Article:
Pre-1972 sound recordings are back in the news. Yesterday, the US Court of Appeals for the Second Circuit decided to defer its consideration of an appeal of a District Court’s decision that NY law included a public performance right for pre-1972 sound recordings. The Court deferred its decision until it can get a definitive answer as to whether or not such a right exists under NY state law. To get that definitive answer, the Court of Appeals referred the question to the NY State Court of Appeals (the highest court in New York State) asking it to issue an opinion as to whether the right exists. Reading the order referring the case to the NY state court, there are a number of interesting issues addressed, including a discussion that could help decide the ramifications for over-the-air broadcasters who play these recordings.
First, we should provide a reminder about what the case here is all about. This case was brought by Flo and Eddie, members of the 1960s band The Turtles, who alleged that Sirius XM (and Pandora in a separate case) owed them royalties for playing pre-1972 sound recordings on their music services (see our article on the filing of the suit, here). Pre-1972 sound recordings first copyrighted in the United States are not covered by Federal law (see our article here and here about a Copyright Office inquiry on whether they should be brought under Federal law). While most states have laws prohibiting the reproduction of those recordings (e.g. prohibiting bootlegging of the recordings), none has an explicit statutory grant of a public performance right such as that collected by SoundExchange for post-1972 works. Sirius XM has thus excluded performances of pre-1972 sound recordings from the royalties that it has paid to SoundExchange (with the blessing of the Copyright Royalty Board in their last proceeding, see our story here). And allegedly Pandora has done the same. In this case, Flo and Eddie argued that in fact state law did convey a public performance right in sound recordings. Many observers (including this author) suggested that this argument would not succeed given that finding that a general performance right existed would be contrary to US law, and could subject all sorts of businesses that have never paid royalties for public performances of sound recordings, from over-the-air radio stations to bars and restaurants, to a performance royalty only when they played oldies. Nevertheless, Flo and Eddie were successful with their arguments in lower Federal Courts in California and New York (see our articles here and here), but a court in Florida denied their claims, finding that there is no performance right in pre-1972 sound recordings in that state (see our article here). The Court of Appeals decision yesterday was on the appeal of the NY decision referenced above. Why did the Court of Appeals need to send this case to the NY state court system?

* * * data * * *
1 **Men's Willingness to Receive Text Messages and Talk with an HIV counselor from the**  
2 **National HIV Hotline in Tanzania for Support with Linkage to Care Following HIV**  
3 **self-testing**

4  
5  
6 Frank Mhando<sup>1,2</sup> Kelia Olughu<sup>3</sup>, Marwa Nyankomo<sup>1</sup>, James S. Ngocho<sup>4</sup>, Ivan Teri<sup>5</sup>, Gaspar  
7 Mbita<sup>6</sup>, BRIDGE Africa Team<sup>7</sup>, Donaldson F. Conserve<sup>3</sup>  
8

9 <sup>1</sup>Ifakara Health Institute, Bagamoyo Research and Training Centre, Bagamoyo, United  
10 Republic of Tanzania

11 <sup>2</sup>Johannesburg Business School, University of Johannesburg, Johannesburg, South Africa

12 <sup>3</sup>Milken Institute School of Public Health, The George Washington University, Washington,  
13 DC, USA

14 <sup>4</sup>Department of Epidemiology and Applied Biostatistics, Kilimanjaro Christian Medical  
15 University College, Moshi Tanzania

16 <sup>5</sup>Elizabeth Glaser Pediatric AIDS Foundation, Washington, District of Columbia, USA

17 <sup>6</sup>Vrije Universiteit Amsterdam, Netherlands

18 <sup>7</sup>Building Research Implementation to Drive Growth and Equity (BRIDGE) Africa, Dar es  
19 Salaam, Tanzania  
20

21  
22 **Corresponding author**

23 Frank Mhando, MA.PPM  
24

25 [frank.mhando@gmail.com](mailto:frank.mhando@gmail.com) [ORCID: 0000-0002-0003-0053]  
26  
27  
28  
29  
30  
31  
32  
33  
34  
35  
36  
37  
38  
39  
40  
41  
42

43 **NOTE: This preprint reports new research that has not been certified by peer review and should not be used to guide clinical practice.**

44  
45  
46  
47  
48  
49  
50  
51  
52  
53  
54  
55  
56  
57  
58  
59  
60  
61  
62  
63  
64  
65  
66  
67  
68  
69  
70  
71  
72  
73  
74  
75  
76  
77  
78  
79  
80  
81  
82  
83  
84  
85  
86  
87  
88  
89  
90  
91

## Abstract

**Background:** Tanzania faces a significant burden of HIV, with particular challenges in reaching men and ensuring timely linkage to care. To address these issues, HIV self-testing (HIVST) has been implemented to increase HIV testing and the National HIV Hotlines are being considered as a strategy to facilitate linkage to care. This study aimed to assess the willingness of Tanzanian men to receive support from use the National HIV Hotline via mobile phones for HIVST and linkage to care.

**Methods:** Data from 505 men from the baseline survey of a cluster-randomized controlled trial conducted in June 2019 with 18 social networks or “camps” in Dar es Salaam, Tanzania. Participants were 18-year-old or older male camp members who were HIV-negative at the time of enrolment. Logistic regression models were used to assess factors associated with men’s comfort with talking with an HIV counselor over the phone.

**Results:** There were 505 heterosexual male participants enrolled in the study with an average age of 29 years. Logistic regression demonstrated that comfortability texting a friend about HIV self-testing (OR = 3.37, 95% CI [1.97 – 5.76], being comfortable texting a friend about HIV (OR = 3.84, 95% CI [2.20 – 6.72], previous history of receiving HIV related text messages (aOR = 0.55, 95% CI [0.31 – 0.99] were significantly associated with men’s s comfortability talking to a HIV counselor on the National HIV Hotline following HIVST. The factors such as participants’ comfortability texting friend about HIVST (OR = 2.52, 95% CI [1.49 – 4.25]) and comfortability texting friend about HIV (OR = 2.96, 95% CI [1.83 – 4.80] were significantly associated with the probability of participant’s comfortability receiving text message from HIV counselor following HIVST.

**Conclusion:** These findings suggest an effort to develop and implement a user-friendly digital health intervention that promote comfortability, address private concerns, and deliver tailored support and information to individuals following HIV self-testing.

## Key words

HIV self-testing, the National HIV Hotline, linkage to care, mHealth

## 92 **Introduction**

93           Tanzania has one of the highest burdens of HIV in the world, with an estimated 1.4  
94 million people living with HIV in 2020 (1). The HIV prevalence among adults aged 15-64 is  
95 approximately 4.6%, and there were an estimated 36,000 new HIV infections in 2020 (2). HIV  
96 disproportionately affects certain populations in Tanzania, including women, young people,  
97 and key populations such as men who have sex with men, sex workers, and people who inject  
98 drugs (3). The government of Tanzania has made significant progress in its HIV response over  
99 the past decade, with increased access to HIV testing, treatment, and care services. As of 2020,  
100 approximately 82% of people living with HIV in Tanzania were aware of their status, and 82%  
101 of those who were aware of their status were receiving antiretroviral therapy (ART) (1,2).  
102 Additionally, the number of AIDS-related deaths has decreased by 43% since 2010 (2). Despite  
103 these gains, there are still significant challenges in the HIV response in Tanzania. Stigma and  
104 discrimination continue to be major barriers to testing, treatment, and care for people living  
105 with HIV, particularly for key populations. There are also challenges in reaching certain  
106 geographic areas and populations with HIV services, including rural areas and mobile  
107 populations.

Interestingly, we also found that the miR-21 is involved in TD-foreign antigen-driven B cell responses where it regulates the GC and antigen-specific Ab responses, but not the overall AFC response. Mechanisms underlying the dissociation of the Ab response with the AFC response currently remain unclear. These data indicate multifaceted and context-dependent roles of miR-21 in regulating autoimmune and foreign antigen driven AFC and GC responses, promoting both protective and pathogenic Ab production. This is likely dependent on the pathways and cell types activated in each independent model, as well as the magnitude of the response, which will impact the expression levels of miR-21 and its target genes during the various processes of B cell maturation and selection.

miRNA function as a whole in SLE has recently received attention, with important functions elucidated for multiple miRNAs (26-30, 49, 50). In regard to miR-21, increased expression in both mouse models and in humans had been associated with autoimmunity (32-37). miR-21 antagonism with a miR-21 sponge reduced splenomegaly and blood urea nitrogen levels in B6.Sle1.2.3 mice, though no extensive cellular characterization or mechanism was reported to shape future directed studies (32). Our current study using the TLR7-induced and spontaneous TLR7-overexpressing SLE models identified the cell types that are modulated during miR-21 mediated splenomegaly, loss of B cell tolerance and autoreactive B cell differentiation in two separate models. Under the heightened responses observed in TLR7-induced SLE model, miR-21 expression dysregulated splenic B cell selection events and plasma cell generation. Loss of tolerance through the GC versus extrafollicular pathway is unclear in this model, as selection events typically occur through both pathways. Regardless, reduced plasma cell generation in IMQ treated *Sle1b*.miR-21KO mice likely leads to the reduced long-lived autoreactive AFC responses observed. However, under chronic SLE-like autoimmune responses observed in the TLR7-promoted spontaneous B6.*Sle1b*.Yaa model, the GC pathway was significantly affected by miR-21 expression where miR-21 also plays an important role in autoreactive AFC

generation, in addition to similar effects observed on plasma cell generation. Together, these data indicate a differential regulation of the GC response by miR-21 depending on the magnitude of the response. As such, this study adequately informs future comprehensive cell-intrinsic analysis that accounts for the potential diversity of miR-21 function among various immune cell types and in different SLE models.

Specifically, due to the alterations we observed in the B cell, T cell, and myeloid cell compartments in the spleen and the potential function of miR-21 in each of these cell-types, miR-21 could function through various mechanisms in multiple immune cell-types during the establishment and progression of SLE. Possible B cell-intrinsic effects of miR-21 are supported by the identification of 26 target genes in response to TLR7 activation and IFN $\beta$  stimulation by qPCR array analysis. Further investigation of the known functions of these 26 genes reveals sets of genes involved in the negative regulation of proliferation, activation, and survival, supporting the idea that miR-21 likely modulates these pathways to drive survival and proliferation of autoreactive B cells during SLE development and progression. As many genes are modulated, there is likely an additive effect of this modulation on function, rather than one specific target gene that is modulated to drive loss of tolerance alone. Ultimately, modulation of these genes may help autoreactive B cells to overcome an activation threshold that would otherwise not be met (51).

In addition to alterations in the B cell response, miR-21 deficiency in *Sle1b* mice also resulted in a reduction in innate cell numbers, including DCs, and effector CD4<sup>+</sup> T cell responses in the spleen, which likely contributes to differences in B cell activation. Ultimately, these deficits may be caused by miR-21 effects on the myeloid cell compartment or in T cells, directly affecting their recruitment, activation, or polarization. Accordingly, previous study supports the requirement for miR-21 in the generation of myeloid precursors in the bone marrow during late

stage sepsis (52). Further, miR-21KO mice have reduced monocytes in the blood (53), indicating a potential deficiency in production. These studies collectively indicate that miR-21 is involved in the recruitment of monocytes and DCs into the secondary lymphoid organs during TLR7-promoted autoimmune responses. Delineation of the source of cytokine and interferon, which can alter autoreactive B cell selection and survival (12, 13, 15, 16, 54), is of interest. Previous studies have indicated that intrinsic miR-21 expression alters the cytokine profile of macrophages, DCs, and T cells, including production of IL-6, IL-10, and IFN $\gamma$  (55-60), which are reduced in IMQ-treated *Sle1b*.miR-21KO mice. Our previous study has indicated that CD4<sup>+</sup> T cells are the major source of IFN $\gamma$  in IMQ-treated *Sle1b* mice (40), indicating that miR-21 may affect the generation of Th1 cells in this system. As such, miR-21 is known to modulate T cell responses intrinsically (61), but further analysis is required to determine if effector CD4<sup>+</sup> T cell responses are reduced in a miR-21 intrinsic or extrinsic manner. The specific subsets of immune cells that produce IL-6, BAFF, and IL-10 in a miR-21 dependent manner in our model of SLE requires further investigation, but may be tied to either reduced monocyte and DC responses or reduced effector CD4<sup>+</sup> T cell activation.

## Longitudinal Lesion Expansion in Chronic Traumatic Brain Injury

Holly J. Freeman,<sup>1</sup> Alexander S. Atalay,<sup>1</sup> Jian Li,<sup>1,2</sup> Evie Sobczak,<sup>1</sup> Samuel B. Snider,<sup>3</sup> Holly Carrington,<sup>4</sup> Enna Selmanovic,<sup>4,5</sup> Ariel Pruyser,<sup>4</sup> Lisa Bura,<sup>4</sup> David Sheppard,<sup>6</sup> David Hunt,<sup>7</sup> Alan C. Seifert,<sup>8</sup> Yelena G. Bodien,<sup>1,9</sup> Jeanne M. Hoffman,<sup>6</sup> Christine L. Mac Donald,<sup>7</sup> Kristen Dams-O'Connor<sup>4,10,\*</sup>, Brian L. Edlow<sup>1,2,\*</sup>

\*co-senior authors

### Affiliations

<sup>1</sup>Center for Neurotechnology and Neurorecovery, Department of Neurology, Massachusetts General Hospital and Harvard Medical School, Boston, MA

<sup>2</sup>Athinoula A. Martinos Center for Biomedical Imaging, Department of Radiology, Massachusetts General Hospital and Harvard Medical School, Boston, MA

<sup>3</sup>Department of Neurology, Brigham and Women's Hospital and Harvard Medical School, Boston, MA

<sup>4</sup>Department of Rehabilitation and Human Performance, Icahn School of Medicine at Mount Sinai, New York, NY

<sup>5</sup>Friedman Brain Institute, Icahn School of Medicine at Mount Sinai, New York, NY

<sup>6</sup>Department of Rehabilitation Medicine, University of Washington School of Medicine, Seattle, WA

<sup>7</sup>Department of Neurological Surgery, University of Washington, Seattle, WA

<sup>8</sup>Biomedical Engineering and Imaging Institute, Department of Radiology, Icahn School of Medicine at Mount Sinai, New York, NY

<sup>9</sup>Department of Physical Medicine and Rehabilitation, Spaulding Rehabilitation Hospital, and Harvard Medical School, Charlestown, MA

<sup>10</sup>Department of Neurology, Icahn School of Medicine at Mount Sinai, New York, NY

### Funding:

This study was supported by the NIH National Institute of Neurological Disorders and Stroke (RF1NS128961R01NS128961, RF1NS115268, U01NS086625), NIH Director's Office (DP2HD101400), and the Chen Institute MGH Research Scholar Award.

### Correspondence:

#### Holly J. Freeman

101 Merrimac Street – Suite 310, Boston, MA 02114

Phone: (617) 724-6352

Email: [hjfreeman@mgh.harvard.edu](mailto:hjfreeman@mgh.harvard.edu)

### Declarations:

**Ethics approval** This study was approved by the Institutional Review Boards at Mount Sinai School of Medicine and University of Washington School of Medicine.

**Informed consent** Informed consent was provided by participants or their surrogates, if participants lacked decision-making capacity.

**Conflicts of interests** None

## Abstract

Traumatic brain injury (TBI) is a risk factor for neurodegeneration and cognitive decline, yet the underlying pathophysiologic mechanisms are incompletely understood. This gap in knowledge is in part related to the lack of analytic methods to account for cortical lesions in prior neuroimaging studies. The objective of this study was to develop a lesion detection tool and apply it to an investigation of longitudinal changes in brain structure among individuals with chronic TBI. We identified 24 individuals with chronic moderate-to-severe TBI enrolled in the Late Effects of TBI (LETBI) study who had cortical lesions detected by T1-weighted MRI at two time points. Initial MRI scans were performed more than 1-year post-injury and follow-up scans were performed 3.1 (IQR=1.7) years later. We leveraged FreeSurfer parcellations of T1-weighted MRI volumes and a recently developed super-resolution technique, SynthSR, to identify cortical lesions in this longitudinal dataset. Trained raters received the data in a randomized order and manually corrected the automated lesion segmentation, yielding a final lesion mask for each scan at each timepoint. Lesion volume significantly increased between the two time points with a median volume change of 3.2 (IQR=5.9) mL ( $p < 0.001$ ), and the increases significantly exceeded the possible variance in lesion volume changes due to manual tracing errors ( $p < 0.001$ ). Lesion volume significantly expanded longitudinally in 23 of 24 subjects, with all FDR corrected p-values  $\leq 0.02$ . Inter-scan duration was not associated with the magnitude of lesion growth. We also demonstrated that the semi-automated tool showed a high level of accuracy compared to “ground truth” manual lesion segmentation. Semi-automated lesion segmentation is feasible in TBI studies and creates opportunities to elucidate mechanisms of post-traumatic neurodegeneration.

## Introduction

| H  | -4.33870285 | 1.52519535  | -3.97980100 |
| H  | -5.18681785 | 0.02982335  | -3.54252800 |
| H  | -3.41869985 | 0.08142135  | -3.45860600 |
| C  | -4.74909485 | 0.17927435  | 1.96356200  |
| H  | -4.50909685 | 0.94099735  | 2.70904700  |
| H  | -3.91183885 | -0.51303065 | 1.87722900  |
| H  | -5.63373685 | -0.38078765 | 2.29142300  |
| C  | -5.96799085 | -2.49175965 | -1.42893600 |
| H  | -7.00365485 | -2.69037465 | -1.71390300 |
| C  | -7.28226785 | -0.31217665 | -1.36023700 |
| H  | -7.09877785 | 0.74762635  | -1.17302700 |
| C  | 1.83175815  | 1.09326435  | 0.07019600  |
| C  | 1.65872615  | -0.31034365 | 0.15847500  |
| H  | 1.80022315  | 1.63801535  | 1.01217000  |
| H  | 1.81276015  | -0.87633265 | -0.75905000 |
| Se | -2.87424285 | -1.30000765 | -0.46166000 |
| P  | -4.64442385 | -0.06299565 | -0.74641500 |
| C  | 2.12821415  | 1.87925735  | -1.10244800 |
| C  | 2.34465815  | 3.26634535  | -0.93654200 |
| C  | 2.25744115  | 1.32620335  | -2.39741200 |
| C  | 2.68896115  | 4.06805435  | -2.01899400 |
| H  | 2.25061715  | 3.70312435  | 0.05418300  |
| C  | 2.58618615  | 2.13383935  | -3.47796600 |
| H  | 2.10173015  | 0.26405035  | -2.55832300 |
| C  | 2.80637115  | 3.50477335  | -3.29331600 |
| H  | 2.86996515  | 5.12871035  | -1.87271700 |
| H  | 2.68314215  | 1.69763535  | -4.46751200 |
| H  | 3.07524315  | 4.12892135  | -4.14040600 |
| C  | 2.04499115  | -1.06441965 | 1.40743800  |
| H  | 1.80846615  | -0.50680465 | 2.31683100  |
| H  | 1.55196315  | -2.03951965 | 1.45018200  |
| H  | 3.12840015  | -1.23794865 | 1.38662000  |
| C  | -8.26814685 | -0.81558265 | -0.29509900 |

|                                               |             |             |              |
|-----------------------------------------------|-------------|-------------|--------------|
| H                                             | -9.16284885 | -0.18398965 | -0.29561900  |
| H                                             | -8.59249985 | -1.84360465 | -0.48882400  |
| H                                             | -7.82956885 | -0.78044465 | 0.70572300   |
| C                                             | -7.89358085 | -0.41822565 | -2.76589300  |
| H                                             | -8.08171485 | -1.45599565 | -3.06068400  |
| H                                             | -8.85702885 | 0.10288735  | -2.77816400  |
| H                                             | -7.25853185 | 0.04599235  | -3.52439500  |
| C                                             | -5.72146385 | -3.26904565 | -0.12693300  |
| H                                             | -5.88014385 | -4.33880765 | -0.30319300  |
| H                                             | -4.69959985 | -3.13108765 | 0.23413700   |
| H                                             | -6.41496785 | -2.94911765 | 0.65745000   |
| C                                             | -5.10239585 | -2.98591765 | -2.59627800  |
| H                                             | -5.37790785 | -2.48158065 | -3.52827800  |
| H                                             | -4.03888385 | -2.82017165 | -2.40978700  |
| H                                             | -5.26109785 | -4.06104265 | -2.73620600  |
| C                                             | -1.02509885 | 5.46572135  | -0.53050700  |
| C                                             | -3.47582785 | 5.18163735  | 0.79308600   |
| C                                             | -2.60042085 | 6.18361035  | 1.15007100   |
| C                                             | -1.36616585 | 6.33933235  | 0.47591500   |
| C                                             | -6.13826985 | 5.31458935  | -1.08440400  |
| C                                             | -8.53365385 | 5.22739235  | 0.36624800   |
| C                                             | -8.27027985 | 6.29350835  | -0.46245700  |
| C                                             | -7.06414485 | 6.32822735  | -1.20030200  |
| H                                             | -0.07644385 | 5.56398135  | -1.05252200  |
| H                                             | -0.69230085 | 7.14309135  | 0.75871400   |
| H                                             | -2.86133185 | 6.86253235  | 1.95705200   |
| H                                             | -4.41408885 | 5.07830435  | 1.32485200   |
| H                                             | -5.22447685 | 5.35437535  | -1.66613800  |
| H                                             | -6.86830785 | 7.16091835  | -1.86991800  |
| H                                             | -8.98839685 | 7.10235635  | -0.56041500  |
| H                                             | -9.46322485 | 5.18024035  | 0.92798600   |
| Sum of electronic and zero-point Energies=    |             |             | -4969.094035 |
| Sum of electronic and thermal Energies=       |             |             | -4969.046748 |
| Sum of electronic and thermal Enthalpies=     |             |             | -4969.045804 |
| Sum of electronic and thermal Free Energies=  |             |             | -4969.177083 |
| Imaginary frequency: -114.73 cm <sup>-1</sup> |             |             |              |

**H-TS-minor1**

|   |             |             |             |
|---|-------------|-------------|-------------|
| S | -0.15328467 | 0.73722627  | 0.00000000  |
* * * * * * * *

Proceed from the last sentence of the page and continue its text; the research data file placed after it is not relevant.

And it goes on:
Continue Reading Appeal of Public Performance Rights in Pre-1972 Sound Recordings Referred to NY State Court for Interpretation – What Issues Might Radio Broadcasters Be Facing?